Note: Obviously there are going to be some spoilers involved with this, both from the show’s first and second season. But both seasons chronicle football seasons that have already happened that you may have heard about elsewhere on the Internet or on Sportscenter. But if you’re wanting to go into the show knowing nothing, turn back now!
Late last summer, in the dreaded days of baseball being the only sport available to watch, I and many others fell in love with the East Mississippi Community College Lions football program thanks to Last Chance U, a Netflix documentary chronicling head coach Buddy Stephens’ extremely successful football program in the middle of nowhere Mississippi.
The show returned to Netflix on Friday with its second season, and within seconds, it felt like coming home. Last summer, and again this year, it brought football I hadn’t seen into my life over a month before real football began, and it told a great story in captivating fashion.
If you haven’t watched the program at all (and really, you should), here’s the concept: Buddy Stephens and his coaching staff have turned a small community college in Scooba, Mississippi into a football powerhouse, home to transfer students galore who have been kicked out of various D1 programs and are looking for a second chance to prove their worth, while beating teams to oblivion on the field.
EMCC is the place for it.
Players don’t have anything to do in Scooba, Mississippi. No nightclubs or night life. No party scene. Just the Subway on campus, and Lions football. They hate it. Some have countdowns on their phone to the day when fall classes end and they’ll get to leave Scooba.
But in the meantime, they have one goal: competing for the JuCo National Championship.
My review is not all-encompassing, as I’ve only watched the first four episodes of the second season so far (which is impressive for me, considering I also re-watched the entire first season before starting season 2), but my initial impressions can be summed up easily: this is easily one of the best documentaries I’ve ever seen.
Season two picks up in training camp, with multiple players throwing up on the sideline during a workout in the vigorous Mississippi heat. A bad taste lingers in everyone’s mouth regarding the brawl during the last game of the previous season that ended the Lions’ championship dreams.
The fight hangs over everything, especially for the first game of the season: anyone who was involved was given a two game suspension. The first game of the suspension was the playoff game, and the second then transferred into the next season, which, given how many players were involved, puts the Lions opening game roster at 33 spots out of 55.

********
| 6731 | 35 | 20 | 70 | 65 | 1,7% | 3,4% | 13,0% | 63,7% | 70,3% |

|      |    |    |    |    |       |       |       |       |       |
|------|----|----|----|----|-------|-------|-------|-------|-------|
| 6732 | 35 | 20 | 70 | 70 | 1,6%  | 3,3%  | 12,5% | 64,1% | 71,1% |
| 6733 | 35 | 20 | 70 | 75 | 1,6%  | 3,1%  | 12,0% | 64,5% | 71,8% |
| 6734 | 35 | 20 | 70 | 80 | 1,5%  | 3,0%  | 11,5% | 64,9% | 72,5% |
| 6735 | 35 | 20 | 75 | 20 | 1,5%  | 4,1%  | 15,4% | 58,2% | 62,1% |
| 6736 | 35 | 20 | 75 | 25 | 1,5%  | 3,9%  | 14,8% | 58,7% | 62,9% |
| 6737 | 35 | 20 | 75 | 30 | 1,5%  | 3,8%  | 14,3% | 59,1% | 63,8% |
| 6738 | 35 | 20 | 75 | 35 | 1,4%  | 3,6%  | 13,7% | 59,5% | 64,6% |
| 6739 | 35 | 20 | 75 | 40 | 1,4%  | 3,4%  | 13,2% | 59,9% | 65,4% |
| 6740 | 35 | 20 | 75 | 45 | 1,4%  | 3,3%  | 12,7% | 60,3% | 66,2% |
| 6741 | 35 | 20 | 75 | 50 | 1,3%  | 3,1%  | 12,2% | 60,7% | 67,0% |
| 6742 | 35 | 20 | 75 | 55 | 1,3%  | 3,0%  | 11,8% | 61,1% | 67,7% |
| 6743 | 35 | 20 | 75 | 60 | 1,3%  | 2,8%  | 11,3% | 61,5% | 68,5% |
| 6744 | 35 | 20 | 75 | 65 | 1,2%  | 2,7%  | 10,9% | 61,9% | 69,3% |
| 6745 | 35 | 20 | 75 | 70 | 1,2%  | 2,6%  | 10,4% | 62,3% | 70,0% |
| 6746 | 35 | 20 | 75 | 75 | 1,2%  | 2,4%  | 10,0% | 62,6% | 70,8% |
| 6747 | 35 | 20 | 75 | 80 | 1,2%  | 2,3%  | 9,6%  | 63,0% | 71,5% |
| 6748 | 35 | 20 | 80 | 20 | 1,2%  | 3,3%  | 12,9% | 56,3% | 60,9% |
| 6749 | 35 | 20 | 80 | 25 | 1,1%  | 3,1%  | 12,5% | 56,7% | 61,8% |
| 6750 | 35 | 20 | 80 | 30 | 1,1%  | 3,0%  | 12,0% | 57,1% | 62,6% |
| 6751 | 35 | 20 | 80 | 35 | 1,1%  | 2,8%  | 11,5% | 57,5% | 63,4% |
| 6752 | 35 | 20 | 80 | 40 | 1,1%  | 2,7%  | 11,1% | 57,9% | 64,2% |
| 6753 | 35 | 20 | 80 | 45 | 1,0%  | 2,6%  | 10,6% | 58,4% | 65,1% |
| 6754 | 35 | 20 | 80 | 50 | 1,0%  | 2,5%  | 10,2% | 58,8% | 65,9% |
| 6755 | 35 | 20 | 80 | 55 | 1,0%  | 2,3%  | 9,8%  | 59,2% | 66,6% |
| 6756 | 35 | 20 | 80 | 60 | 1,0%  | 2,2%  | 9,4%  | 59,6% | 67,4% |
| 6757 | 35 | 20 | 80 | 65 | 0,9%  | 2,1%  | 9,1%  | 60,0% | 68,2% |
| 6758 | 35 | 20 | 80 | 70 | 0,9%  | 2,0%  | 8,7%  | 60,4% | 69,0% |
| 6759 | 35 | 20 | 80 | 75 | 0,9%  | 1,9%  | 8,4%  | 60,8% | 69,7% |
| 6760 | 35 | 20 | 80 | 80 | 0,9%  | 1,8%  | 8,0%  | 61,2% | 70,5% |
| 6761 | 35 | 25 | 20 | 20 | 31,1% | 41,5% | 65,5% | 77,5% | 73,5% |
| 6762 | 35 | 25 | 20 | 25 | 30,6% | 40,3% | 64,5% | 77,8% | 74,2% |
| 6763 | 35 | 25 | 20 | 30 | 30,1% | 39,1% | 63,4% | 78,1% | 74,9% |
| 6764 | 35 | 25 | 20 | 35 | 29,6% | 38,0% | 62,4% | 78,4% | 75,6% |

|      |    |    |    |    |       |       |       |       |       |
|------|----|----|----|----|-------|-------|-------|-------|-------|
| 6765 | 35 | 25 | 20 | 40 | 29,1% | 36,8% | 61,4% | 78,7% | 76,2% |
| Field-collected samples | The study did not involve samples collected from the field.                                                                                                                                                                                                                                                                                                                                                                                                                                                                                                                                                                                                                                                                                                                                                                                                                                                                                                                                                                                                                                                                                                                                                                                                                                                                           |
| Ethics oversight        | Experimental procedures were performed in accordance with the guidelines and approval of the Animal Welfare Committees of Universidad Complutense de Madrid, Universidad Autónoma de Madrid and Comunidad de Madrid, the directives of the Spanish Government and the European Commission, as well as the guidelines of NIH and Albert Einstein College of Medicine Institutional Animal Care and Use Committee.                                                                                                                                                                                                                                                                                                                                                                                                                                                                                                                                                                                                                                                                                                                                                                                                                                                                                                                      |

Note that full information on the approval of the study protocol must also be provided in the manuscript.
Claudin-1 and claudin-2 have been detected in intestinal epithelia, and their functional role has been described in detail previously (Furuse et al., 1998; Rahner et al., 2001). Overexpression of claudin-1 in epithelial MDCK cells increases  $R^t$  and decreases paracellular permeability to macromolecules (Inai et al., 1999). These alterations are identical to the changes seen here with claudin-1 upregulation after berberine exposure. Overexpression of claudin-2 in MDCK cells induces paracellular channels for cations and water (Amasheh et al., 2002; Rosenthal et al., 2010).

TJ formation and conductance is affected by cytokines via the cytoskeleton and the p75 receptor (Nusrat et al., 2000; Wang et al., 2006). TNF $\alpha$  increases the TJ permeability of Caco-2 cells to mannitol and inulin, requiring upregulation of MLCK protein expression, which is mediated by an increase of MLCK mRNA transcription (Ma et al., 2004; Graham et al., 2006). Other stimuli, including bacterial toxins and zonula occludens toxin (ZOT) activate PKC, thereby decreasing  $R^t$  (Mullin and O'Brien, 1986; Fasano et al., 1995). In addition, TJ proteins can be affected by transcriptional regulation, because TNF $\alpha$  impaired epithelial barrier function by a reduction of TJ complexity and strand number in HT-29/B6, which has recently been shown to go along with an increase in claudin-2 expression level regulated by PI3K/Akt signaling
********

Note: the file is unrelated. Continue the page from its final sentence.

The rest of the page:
It’s just the first of many problems that head coach Buddy Stephens faces throughout the season. He comes into Season 2 as a changed man, working to change his attitude and tone down his foul language. But shockingly, not much changes.
Let’s talk, like everyone else has, about the level of access the camera crew gets in this series. It’s incredible. Cameras are rolling for every major moment of the season, and no one holds back anything. There are multiple moments when Stephens references the camera while he chews out his team during halftime and yells “Get outta here!” or “At least go somewhere where you’re not in the way of my players!” As a former sports reporter for Iowa football, coach Stephen’s candidness confounds me. This is a man that, despite not liking what he saw from himself in season 1, once again allows his camera crew to view pretty much every waking moment of his working life, and doesn’t care that it’s being filmed, because he’s being himself.
If, in some parallel universe, Kirk Ferentz, Gary Barta and Steve Roe allowed such a documentary made about Iowa football, it would be the most un-authentic, boring football documentary ever made. We would see every Iowa player and coach on their best behavior, because Kirk would want to heavily control the image of his program as much as possible. No one would want to watch, because no players would get to let their true personality shine.
Despite the popularity of the show, despite the fact that they directly mention in interviews how the show has changed everything, every moment is (or at least feels) candid. Are there players showing off for the cameras during games? Absolutely. And I love that. But off the field, in the office of Ms. Wagner, the athletics academic advisor and stand-out star of the show, these are student-athletes being their true selves: opening up about their ambitions, struggling in classes, and being pushed as hard by Ms. Wagner to do the very minimum in the classroom as they are by the coaches to win on the field. For the most part, the coaches and players ignore the cameras and do their jobs, and the show shines because of it.
I’ll talk more at length about the players and staff in my second part of the review, once I find out how their seasons end, but I think the show handles the difficult situations that bring each player to EMCC really well. The directors don’t shy away from mentioning exactly how each person becomes a Lion, from showing the full video of QB De’Andre Johnson punching a woman in a Tallahassee bar, to discussing linebacker Dakota Allen’s burglary that got him kicked out of Texas Tech. The show never offers concrete resolutions for any player. It promises no happy endings. But it does give every featured player, no matter their crime, no matter their personality, another chance for redemption, on the field and in life.
But wait, there’s more! Part 2 will be a more comprehensive season review and update about players and where they go. If you’re dying to know where everyone ends up, our own Jason Kirk has you covered. Also check out his review for a great gif, and some great writing.